No leader in the history of the world will abandon the interest of his/her nation unless it is absolutely necessary or a traitor. One possibility is that the King at that time was in a mission of consolidating his territorial ambition and desires the land more than utilizing the Blue Nile, in which by many accounts makes him irrational. The second scenario is more likely because the Emperor just survived a war in 1896 with the Italian invaders and did not want to risk another invasion by the British with their modernized and formidable army. The third scenario is almost impossible because it was not the first time for the Emperor to deal with foreign power at that time. He signed the Wuchale treaty with the Italians in 1889, and one of his advisors found that article 17 of the Italian translation technically makes Ethiopia Italian protectorate. That was the catalyst for the First Ethio-Italian war in 1896 at the Battle of Adwa. Thus, the chances of the Emperor not understanding the proposal by the British is very slim.

The second so-called “agreement” regarding the utilization of the Nile River was signed in 1929, but it was between Britain and its protectorate Egypt with the exclusion of the upper riparian countries. The Anglo-Egyptian Treaty covered many issues regarding the utilization of the Nile water and its tributaries. According to the so-called “treaty”, it granted Egypt an annual water allocation of 48 billion cubic meters, and Britain’s other colony Sudan will get 4 billion cubic meters out of an estimated average generate of 84 billion cubic meters. Moreover, it grants “Egypt the authority to veto any construction projects on the Nile River or any other tributaries that could reduce the flow of water into the Nile.”[7] Thus, Egypt gets the lion share and get to dictate the terms in which other tributaries could utilize the water. Britain’s involvement in this treaty was not to help Egypt or Sudan, but its colonial interest in the agricultural products, such as cotton and other raw materials that were important for its industrialized economy back in the United Kingdom. Nonetheless, following their independence from Britain in 1959, Egypt and Sudan strengthened the 1929 colonial agreement by increasing their water share drastically. Now, based on the new agreement “Egypt gets 55.5 billion cubic meters of water up from 48 billion cubic meters and Sudan gets 18.5 billion cubic meters up from 4 billion cubic meters, leaving only 10 billion cubic meters which are left for seepage and evaporation. Moreover, in case there is an increase in water flow that amount is shared by both countries.”[8]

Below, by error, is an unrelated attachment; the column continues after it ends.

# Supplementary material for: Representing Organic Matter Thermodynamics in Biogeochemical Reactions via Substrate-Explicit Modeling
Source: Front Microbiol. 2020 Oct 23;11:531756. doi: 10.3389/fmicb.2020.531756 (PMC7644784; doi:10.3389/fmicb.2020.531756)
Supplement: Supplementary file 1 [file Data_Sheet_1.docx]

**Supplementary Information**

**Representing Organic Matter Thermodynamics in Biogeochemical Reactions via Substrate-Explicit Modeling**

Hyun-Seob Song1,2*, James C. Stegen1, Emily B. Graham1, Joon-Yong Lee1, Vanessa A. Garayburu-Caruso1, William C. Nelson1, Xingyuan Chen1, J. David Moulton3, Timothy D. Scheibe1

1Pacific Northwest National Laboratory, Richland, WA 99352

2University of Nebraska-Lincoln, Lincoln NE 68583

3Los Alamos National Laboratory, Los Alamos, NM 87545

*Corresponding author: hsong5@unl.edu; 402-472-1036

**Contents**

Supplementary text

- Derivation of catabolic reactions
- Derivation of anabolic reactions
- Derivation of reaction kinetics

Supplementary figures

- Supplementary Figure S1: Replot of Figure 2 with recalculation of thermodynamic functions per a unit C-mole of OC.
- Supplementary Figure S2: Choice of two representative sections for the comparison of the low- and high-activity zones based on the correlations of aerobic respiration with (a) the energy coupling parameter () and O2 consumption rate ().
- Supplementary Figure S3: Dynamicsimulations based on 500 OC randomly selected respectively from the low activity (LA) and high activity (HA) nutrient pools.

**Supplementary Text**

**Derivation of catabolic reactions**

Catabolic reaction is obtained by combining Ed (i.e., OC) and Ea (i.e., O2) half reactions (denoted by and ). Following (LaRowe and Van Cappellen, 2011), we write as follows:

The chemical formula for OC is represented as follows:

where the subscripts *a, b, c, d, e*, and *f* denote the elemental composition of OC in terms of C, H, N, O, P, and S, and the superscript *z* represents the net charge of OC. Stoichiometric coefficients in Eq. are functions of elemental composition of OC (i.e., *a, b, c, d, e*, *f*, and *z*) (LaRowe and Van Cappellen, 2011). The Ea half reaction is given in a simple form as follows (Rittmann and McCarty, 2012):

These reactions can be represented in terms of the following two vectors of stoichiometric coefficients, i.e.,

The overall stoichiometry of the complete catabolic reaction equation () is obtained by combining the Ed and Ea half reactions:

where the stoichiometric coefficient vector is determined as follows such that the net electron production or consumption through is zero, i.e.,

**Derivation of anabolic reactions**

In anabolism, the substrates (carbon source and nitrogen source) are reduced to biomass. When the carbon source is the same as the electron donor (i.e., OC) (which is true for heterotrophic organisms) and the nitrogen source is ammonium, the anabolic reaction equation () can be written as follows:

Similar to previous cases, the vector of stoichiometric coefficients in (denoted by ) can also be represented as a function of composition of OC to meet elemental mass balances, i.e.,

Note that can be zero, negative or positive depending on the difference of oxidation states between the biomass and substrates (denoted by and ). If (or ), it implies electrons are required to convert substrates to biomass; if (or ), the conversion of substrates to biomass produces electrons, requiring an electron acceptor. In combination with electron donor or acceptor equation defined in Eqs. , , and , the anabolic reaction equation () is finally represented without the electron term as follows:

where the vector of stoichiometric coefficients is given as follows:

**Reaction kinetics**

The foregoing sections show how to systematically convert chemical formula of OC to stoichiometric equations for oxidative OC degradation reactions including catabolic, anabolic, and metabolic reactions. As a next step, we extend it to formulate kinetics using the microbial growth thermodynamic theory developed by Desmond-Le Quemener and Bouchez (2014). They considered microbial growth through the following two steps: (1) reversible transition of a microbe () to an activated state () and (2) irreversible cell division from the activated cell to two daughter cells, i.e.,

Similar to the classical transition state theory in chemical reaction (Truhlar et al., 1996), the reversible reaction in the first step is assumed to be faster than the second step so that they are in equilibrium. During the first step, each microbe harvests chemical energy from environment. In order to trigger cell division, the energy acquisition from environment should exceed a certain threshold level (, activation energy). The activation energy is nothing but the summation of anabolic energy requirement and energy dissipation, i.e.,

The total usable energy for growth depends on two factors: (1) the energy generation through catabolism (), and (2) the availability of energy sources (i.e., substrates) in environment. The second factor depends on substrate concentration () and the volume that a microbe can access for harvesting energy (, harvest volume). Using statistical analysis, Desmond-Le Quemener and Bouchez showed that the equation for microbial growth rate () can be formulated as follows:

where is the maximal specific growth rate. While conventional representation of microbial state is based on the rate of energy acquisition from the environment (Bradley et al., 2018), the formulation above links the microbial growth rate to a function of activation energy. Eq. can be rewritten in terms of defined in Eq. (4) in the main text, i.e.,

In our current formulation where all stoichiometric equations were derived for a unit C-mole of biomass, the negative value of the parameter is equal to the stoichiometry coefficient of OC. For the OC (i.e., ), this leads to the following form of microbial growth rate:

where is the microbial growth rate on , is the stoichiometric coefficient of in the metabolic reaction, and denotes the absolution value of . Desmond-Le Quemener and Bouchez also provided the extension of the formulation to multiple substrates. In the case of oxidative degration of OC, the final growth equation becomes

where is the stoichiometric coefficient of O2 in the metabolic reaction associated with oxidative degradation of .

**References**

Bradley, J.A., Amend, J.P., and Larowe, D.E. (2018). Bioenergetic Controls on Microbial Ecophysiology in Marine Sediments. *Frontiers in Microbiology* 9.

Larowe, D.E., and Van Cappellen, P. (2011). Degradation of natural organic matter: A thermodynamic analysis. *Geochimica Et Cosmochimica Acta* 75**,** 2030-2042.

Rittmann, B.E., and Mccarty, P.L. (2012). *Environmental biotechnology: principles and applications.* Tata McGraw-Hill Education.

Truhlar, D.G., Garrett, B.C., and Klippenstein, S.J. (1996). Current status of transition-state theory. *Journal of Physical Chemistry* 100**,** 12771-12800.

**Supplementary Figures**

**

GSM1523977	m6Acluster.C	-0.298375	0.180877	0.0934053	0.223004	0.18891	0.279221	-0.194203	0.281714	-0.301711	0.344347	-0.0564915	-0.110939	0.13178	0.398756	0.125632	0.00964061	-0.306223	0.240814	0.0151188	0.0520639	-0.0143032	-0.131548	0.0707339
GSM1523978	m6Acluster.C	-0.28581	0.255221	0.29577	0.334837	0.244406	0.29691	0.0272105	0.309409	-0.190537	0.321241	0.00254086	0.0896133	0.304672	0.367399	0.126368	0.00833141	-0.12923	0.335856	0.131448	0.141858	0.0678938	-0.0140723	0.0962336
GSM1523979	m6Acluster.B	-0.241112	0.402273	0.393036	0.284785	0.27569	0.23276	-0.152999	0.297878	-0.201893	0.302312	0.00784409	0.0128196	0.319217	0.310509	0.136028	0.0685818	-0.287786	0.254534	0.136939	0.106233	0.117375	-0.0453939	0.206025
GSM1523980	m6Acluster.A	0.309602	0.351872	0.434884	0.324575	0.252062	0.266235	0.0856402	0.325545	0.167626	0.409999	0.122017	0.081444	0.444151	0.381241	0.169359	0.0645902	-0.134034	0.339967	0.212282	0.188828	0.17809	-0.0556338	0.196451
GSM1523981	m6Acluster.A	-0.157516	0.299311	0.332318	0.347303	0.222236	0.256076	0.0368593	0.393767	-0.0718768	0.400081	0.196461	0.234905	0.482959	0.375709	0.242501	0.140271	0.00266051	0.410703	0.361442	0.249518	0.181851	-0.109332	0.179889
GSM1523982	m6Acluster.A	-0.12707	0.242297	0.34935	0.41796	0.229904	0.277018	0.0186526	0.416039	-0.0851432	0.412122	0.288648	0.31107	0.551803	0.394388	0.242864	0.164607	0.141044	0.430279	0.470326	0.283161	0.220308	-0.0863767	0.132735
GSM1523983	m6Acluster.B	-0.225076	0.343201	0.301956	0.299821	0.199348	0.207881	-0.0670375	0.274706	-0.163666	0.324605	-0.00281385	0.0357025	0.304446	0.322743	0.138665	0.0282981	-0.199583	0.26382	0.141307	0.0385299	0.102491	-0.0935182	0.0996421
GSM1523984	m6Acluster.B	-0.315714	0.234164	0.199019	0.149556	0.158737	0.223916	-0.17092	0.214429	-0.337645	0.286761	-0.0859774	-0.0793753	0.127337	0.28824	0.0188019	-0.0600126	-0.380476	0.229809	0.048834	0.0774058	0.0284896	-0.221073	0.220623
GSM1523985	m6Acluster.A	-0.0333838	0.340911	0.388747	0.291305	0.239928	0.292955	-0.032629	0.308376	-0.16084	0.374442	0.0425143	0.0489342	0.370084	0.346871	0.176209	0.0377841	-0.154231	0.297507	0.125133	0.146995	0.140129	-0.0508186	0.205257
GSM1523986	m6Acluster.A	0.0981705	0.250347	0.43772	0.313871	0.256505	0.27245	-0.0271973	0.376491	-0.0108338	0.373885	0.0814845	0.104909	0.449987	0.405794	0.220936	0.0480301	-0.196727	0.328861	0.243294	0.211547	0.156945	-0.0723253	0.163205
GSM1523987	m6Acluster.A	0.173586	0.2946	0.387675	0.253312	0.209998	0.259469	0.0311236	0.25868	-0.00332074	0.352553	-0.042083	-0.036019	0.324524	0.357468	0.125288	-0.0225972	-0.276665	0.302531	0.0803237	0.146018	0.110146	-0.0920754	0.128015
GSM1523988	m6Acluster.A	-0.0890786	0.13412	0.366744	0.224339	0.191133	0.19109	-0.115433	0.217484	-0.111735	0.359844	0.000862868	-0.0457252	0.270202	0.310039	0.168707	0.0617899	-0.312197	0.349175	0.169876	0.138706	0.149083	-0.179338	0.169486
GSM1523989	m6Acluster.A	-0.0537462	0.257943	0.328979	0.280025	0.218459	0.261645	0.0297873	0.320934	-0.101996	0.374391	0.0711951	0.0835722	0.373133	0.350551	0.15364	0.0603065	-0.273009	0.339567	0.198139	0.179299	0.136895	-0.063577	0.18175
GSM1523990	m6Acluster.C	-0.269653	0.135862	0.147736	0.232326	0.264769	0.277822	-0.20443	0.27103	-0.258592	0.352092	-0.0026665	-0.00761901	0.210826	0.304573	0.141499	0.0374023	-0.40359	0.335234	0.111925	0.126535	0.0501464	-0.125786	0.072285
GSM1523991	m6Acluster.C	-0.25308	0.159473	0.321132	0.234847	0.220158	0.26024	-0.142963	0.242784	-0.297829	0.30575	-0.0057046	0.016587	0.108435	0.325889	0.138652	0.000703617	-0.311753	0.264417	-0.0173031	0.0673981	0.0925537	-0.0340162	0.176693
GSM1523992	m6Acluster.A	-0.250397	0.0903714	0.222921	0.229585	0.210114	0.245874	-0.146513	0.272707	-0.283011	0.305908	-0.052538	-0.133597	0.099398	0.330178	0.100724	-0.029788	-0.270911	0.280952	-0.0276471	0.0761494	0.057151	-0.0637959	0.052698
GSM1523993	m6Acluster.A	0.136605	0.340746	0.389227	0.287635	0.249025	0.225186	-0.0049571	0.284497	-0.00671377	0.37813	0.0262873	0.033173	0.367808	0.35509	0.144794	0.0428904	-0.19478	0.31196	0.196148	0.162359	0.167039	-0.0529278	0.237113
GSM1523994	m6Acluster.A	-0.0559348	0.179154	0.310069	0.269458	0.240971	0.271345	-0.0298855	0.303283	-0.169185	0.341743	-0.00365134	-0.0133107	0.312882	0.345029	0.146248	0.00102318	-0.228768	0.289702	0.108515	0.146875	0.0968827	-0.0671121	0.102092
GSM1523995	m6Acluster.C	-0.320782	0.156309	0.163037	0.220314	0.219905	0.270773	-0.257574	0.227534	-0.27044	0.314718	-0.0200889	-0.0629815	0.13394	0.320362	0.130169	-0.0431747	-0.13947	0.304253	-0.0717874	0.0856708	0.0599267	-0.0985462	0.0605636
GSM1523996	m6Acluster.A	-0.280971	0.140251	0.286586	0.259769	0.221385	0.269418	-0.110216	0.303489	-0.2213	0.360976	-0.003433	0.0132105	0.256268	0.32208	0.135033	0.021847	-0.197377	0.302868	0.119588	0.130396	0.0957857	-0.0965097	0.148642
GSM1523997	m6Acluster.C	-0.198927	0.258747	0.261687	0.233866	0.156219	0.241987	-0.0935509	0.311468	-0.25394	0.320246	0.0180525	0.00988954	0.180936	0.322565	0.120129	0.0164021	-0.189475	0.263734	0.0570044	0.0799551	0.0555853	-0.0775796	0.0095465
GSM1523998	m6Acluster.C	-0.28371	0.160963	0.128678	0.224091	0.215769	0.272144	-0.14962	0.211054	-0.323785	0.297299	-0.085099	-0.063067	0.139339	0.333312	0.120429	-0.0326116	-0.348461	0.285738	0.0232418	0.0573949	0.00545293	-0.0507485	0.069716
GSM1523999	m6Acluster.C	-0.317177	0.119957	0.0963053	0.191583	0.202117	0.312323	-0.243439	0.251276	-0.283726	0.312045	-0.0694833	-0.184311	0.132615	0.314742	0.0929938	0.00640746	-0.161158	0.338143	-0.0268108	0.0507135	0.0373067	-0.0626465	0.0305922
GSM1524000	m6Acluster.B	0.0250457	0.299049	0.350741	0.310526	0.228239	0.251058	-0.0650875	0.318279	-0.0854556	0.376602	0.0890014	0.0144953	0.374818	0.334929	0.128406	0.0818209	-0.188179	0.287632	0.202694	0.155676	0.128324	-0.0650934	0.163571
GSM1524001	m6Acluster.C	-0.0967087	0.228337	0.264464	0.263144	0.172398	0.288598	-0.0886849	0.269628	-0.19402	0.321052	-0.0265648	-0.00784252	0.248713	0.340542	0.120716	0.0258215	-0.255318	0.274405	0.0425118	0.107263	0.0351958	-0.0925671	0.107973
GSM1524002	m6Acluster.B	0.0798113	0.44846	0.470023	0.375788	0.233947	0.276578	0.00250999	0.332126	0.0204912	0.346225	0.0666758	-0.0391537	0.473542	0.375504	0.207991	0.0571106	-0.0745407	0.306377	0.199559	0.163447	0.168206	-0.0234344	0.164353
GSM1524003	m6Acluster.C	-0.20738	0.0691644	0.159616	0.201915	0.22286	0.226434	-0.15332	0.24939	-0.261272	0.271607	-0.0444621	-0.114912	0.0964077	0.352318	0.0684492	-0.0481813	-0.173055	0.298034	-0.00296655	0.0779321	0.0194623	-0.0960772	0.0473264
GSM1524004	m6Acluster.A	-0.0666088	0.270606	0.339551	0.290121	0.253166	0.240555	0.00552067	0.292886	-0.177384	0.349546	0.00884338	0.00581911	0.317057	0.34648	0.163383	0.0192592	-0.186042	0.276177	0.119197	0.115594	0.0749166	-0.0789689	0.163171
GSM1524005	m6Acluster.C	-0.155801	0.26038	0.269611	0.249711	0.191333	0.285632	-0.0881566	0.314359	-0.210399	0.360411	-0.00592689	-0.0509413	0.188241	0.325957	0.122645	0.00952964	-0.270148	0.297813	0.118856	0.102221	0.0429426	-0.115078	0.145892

The so-called new agreement between the two countries is ludicrous and leaves nothing for the rest nine tributaries of the Nile river. Egypt has utilized its undisputed lion share of the Nile water to build one of the largest dams in the world, Aswan in 1970. The building of the dam following its independence has changed Egypt forever economically and politically. Economically, according to the World Bank data of 2019, Egypt has become a lower-middle-income country with the GDP ranked third in Africa as one of the largest, after Nigeria and South Africa. Politically and militarily, Egypt has built one of the strongest armies in the whole region and the Middle East that has put the nation as an influential regional power.

In February 1999, the first intergovernmental organization that includes all the tributaries of the Nile River was established to promote “equitable” utilization of the water resource. The initiative is an intergovernmental partnership of 10 Nile Basin countries, and Eritrea participates as an observer. The leadership is comprised of water Ministers in each member state and the technical advisory committee is comprised of senior government officials two from each member state.[9]